Acute Injury Management
The initial management of your injury, making a diagnosis, care plan and screening for more serious injuries is paramount.
As physiotherapists we are skilled in triaging our patients to maximise their potential, may that be a swift onward medical referral or developing an acute injury management plan.
Many People may be aware of the acronym R.I.C.E or even P.R.I.C.E. Now, to complicate things even more we have P.O.L.I.C.E. What is common to each of these is the initial management of the acute soft tissue phases after injury.
P.O.L.I.C.E, what does it stand for?
Look after the injured area to avoid further injury. This may include, crutches, bracing, tape or even a simple bandage.
Rest after injury maybe be useful in the first 48 hours, however, following on it is accepted that controlled stress to the injured tissue is helpful in the recovery phases. It will also limit the de-conditioning of the tissue and help reduce joint stiffness.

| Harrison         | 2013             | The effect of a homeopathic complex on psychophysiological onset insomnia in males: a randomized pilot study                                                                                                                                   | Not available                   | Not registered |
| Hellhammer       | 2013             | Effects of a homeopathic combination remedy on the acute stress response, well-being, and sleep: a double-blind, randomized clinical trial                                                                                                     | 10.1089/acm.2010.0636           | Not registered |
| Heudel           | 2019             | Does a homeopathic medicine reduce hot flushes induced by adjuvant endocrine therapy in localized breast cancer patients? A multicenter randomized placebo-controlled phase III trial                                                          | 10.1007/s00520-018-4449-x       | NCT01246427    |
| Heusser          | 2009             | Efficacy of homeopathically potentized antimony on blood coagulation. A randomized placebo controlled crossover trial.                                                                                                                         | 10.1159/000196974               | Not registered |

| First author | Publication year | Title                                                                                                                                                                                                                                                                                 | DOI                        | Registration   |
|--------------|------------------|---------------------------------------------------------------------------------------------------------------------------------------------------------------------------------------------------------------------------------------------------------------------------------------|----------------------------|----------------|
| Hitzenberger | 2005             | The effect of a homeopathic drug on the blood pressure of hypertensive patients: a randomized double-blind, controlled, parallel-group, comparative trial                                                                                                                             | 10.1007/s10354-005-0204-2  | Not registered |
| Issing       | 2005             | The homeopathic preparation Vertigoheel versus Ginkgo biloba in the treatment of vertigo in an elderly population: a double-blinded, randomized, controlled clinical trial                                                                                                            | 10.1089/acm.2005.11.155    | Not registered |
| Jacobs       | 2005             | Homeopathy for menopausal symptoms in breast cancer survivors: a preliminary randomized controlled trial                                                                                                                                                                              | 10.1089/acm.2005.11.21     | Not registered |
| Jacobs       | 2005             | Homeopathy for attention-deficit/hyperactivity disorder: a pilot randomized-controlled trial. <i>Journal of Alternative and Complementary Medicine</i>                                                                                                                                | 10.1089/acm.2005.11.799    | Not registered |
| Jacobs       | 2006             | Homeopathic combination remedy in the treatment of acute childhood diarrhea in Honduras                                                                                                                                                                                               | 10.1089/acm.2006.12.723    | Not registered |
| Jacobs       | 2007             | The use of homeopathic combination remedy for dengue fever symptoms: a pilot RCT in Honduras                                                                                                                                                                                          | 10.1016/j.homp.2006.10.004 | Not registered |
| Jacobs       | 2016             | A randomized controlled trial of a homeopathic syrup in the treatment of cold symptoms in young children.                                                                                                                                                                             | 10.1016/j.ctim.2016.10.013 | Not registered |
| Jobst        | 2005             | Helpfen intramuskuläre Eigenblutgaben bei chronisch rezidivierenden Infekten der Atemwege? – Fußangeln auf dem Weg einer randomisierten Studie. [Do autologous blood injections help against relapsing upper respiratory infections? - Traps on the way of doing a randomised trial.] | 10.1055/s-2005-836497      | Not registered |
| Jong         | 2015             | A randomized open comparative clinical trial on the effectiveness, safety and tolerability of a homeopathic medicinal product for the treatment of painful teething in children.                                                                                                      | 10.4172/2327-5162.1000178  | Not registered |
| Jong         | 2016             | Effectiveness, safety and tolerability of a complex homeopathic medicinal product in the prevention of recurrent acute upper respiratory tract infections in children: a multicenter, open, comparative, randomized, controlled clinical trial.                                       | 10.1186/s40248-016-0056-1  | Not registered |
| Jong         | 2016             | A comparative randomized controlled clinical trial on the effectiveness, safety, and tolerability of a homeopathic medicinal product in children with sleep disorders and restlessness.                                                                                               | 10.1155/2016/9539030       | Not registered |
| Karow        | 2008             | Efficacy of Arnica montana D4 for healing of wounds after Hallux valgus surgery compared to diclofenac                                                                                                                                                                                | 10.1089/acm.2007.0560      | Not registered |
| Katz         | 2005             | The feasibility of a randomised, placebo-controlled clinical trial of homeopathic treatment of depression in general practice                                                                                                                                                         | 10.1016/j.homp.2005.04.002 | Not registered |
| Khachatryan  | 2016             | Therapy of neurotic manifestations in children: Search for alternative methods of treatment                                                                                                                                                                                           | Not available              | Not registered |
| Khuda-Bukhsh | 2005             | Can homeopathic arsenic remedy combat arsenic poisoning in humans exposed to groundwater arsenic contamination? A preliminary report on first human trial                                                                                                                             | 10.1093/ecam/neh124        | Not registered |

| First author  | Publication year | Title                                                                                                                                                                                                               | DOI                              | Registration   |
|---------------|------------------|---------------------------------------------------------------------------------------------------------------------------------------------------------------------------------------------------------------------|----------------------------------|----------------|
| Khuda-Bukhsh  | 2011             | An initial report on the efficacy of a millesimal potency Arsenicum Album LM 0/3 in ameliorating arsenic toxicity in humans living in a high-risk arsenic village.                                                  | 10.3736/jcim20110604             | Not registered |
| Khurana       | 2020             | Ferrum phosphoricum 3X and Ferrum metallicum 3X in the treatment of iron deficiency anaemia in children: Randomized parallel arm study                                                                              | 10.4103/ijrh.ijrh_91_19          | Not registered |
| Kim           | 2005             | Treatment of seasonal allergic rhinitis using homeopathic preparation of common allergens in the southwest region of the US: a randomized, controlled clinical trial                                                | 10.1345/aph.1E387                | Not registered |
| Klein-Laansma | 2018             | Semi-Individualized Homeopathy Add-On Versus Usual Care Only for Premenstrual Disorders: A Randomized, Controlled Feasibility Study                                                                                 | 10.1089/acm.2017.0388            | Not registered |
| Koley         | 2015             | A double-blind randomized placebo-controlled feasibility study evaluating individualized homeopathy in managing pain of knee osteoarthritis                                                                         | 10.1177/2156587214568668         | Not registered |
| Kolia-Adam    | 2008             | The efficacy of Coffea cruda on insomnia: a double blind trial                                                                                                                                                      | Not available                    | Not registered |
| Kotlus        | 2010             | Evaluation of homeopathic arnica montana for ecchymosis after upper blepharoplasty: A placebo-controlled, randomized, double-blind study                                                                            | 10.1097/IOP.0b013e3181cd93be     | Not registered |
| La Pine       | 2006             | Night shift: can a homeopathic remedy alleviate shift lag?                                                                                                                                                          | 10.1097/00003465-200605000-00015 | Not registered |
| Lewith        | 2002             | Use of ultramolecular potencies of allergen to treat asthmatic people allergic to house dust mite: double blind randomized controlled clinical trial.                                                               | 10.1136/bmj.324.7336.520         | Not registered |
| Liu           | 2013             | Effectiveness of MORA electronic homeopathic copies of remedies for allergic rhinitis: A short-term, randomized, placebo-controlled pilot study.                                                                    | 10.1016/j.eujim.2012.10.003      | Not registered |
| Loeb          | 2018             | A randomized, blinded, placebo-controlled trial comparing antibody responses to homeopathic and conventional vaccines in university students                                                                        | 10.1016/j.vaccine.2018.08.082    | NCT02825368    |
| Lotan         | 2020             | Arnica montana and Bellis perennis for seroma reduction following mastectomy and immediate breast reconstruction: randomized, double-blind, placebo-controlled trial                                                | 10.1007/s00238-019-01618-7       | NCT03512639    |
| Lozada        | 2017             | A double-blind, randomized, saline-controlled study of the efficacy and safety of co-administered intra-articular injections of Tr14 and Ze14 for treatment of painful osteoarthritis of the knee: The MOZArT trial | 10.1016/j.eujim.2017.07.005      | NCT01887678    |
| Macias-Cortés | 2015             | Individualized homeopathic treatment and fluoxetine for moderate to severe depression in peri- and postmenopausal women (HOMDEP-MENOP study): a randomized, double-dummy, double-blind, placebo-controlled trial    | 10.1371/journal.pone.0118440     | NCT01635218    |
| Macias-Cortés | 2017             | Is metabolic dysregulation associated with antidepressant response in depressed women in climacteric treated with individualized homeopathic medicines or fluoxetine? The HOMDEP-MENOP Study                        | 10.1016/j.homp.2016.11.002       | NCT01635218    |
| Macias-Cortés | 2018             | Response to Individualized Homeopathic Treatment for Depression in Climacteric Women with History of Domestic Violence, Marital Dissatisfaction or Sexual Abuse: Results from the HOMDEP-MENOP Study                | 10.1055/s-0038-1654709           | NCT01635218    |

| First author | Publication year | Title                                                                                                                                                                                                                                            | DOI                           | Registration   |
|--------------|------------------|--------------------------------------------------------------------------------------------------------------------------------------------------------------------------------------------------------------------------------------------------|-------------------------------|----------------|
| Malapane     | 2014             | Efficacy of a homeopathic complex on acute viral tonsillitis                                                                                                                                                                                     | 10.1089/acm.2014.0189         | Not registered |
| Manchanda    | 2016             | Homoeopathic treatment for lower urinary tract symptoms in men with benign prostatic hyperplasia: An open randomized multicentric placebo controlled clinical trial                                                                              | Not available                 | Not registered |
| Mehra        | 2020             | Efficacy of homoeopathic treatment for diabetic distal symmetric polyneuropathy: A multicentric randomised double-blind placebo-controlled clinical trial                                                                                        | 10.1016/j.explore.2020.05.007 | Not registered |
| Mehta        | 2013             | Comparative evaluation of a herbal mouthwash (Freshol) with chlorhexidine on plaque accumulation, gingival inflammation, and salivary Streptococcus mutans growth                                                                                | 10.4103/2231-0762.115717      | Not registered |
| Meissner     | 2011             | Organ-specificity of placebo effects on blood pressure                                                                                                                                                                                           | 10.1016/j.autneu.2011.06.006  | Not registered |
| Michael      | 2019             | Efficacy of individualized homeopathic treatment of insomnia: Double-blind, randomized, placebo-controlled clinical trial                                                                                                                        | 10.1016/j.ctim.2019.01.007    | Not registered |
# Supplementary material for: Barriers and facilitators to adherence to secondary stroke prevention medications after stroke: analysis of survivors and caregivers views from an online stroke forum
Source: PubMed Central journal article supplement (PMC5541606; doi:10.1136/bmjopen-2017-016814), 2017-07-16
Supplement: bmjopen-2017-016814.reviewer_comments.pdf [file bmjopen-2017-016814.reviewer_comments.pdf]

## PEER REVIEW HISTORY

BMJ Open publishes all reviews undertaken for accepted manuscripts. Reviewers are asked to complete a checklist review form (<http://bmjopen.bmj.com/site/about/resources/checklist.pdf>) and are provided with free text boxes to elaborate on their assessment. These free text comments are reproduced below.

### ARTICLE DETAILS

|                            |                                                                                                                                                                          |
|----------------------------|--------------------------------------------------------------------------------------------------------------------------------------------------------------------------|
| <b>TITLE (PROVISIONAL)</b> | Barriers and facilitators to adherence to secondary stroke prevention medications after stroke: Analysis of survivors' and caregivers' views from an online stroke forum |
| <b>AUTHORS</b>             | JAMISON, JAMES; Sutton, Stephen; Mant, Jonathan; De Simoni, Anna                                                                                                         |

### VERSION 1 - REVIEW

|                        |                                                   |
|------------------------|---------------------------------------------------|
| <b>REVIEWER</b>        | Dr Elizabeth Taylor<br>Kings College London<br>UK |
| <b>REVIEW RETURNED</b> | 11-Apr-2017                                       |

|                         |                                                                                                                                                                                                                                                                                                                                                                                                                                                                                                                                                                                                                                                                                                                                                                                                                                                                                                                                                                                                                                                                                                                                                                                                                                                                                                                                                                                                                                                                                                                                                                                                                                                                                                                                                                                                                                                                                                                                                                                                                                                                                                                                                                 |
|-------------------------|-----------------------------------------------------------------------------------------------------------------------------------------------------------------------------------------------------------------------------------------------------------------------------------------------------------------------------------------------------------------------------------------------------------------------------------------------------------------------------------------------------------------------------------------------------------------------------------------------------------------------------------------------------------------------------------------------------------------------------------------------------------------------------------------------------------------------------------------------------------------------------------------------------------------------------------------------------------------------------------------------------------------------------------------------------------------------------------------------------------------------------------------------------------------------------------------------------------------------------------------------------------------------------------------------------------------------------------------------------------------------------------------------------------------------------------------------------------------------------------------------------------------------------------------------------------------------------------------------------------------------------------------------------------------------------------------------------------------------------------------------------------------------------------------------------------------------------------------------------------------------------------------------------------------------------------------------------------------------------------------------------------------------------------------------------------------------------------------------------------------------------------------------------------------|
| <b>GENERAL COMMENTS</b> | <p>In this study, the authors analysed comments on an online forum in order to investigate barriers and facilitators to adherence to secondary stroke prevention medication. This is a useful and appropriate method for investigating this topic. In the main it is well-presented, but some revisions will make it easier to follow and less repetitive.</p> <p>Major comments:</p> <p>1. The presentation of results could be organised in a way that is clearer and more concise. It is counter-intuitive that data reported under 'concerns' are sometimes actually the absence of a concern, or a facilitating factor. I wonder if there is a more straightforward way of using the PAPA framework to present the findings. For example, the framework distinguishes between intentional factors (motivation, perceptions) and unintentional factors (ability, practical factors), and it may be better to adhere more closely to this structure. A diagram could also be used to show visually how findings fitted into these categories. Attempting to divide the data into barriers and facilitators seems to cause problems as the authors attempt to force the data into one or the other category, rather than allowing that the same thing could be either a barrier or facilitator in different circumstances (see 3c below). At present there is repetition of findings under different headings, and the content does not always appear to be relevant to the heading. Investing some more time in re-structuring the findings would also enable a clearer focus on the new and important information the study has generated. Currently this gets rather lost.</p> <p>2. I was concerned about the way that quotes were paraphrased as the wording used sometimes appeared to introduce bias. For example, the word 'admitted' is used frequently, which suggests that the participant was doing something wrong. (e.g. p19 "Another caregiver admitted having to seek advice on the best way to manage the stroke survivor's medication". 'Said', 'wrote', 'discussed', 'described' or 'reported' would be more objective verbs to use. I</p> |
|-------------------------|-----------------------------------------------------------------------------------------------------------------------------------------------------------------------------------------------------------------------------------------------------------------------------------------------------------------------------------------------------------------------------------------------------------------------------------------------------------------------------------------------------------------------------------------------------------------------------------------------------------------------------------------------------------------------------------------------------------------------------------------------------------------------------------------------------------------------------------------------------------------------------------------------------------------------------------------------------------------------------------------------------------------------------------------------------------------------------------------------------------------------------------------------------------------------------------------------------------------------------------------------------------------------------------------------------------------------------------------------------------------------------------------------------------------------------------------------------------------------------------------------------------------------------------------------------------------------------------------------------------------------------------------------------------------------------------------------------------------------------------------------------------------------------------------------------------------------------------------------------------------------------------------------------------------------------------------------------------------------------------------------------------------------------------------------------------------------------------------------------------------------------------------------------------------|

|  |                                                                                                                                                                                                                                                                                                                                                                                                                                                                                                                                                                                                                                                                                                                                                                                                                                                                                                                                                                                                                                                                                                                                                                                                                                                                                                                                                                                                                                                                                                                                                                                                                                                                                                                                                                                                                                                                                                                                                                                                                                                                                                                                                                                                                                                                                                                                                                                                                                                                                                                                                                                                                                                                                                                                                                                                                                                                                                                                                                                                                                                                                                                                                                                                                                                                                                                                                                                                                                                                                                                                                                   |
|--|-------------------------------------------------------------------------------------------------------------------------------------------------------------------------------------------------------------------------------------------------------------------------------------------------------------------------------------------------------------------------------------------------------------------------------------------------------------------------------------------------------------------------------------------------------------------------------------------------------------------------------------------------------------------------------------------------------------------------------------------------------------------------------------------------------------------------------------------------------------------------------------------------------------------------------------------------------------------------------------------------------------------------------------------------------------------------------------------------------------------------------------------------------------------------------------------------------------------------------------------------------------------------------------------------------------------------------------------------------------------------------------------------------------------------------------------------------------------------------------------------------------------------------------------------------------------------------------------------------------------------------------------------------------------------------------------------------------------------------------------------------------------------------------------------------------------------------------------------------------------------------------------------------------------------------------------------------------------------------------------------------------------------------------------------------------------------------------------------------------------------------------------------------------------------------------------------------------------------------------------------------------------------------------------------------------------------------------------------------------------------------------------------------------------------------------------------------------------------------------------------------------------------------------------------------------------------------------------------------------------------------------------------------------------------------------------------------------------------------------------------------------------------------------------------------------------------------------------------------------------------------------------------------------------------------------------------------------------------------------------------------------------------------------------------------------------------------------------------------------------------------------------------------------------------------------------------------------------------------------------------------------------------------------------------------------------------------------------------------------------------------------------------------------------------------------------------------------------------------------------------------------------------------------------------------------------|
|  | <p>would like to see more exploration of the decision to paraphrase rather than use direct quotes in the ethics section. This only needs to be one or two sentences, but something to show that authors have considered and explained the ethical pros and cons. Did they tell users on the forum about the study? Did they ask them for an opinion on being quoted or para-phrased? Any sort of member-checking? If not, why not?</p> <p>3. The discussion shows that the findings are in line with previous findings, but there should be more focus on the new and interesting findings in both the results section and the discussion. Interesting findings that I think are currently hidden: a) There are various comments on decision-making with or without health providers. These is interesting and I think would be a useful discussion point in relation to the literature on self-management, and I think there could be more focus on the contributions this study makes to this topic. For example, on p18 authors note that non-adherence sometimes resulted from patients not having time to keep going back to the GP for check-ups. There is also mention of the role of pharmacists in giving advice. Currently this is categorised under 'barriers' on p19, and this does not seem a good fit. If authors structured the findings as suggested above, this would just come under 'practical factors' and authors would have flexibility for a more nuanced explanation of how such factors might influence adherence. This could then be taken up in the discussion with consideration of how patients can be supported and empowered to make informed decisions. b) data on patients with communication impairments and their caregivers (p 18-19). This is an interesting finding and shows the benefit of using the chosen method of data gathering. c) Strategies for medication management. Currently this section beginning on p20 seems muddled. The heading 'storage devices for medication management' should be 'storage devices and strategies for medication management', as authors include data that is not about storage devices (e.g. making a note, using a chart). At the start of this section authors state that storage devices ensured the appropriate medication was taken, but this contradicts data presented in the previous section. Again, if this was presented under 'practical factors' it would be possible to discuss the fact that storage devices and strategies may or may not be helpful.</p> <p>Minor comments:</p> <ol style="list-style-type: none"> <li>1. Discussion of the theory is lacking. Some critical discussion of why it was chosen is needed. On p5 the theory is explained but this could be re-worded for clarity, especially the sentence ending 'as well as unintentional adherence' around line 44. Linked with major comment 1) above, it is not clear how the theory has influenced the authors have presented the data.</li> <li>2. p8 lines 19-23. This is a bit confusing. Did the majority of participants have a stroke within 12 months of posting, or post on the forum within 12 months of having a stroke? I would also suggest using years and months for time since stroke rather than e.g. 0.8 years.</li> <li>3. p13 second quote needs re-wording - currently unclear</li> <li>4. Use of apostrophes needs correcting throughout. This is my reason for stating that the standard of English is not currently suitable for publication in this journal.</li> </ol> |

This cost effective modality may help with swelling and inflammation, however, research is undecided on this. It does seem to have an effect on reducing pain, so applying an ice pack to the injured area for 20 minutes every 2-3 hours, while you are awake, will help to ease your discomfort. Please note that prolonged exposure to ice may not give any further benefit and may cause an ice burn and damage to superficial skin.
The Idea is to use compressive bandage, tape etc to help limit tissue hemorrhage, however, research is conflicting. The use of supportive bandage can help with the feeling of comfort and “safety”.
Using gravity to help reduce swelling can be useful in recovery of the affected tissue by helping reduce the hydrostatic pressure within the blood vessels. Elevating the injured area higher than the heart, for as long as comfortable, seems the most effective.
Another interesting and thoughtful approach is “soft tissues just need peace and love”
Any injury should be assessed immediately to ascertain its severity, and provide the appropriate management to ensure a more complete recovery of function.